Figure 7b: Probability of two players finishing in the same round for each square.

Question 8
How many rounds does a 2-player game last, on average?

The random variable T(0) defined in Question 6 gives the number of throws for one player to reach the finish. With 2 players, play stops as soon as one of the players reaches the finish, which is the minimum of two independent distributions T(0).

The cumulative distribution function (CDF) of the minimum of n identical distributions is given by

F_n(t) = 1 - (1-F(t))^n          (8a)

The probability density function is as before

f_n(t) = F_n(t) - F_n(t-1)

This new distribution is plotted in Figure 8.

Figure 8: Probability distributions of the number of rounds in a 1- and 2-player game.

The expected value of a distribution is given by

E(T) = sum_t(t*P(t=T)) = sum_t(t*f(t)),      (8b)

which is computed to be 24.421. As expected, the number of rounds player by 2 players is smaller than the number of rounds played by 1 player (35.5432) because the game stops as soon as one player reaches the finish.

Question 9
How many rounds does a 3-player game last, on average?

The same approach as Question 8 is used, with the minimum of 3 distributions. The new distribution is plotted in Figure 9a. The expected value of this distribution is calculated using Equation 8b, which evaluates to 20.4108. As expected, this is fewer rounds than with 2 players.

Figure 9a: Probability distributions of the number of rounds of a 1-, 2-, 3-player game.

Figure 9b shows the expected number of rounds plotted against the number of players, which is calculated by applying Equation 8b for each number of players. It starts with the value E(T(0)) = 35.5432 and decreases asymptotically to min(T(0)) = 7, because no matter how many players there are, a game cannot be finished in fewer than 7 rounds.

Figure 9b: The expected number of rounds in a game, plotted against the number of players.

Question 10
With three players at positions 10, 15 and 27, how many more rounds is the game expected to last?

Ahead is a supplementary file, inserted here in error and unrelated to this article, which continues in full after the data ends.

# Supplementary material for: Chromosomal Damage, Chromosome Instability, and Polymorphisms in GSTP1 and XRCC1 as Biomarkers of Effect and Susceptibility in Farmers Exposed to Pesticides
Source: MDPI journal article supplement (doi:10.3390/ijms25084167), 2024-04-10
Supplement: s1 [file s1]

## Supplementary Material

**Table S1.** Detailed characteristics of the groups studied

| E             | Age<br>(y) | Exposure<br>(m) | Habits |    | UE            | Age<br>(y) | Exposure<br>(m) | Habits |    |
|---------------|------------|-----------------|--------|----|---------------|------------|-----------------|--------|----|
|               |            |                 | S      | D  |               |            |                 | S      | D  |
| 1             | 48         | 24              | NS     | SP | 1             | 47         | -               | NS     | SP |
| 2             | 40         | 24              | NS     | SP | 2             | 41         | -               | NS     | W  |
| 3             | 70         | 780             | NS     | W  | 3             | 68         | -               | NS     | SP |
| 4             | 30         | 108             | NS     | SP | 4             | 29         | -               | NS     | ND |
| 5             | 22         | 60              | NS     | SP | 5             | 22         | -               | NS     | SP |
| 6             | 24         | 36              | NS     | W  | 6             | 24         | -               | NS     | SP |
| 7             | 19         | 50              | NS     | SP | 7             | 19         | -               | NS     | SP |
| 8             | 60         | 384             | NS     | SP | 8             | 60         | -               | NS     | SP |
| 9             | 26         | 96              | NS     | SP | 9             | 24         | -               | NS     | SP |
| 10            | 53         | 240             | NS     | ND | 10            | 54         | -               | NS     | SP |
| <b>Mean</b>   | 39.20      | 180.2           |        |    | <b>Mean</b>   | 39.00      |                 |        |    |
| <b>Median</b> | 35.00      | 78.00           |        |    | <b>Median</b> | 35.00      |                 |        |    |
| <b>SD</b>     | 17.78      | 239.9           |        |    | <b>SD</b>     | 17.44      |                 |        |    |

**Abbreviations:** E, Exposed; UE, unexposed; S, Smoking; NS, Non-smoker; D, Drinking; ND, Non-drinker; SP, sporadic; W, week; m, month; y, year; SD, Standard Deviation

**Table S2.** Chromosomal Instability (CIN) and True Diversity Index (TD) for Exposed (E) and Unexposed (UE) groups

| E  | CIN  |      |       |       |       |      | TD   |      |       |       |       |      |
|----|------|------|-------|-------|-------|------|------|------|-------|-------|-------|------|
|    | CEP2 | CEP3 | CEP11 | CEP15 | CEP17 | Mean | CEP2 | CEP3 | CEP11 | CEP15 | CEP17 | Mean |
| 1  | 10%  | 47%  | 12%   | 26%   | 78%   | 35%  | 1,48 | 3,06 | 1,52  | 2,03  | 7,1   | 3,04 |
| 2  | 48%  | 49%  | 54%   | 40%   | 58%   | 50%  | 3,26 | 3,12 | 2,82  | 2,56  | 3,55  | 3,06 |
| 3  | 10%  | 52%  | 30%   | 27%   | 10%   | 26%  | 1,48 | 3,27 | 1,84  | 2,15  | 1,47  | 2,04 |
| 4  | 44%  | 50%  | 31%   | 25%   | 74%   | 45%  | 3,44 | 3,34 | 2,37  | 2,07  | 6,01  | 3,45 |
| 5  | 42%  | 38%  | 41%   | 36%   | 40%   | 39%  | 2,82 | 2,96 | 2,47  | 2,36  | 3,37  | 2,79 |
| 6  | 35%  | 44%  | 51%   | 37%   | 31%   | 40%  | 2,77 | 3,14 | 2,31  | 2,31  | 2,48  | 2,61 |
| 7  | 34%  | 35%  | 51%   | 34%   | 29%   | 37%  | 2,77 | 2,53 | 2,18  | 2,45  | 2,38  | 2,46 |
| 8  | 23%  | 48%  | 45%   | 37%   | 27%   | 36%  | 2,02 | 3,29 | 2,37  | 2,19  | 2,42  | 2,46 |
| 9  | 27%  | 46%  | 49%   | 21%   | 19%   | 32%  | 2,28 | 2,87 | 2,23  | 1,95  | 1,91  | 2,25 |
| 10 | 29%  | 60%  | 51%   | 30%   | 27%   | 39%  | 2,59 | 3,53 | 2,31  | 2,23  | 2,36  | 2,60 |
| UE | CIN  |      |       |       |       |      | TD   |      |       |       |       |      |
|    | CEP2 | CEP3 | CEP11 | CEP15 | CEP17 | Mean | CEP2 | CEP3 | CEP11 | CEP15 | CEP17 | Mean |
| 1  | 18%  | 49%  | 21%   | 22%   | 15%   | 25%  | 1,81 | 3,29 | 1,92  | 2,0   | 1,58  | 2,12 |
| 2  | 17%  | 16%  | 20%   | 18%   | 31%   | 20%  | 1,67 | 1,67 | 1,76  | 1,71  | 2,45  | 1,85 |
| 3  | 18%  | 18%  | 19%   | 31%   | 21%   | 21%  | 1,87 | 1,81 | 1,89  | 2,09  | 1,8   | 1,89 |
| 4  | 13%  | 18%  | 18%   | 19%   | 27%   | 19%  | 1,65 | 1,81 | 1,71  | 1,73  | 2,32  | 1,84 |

A similar approach to Question 8 is required, but this time we are taking the minimum of 3 different independent distributions, because each square has its own distribution of remaining throws.

F(t) = 1 - (1-F(10;t))(1-F(15;t))(1-F(27;t))

This new distribution is plotted in Figure 10, and the expected value of this distribution (using Equation 8b) = 17.9524.

Figure 10: Probability distribution of remaining rounds with players at squares 10, 15 and 27.

Question 11
What’s the probability that you reach the finish in the minimum number of throws?

We can answer this from the distribution for T in Equation 6a. The minimum number of throws=7, and F(7) = f(7) = 0.00173611.

Question 12
What’s the probability that you need more than 100 throws to reach the finish?

P(T>100) = 1-P(T<=100) = 1-F(100) = 0.0170009.

Question 13
What is the probability of landing on square 80?

For this question, we need to figure out the probability of being on a particular square s on turn t.

P(on square s on throw t) = sum[1<=d<=6](P(on square s0 on throw t-1) | s=move(s0,d))/6.     (13)
P(on square 0 on throw 0) = 1.

Again we are using the sum of conditional probabilities to define the probability of one state (being on square s on throw t) in terms of the probabilities of other states. This type of calculation is called a “Markov chain” where the system (i.e. the state-space of the game) is in one of many possible states (in this case, parameterised by s and t), with probabilities of transition between them = 1/6 because there are 6 sizes of a die.

Since square 80 does not have any paths back to itself (it goes straight to square 100), we know that each of states P(s,t) are mutually exclusive, thus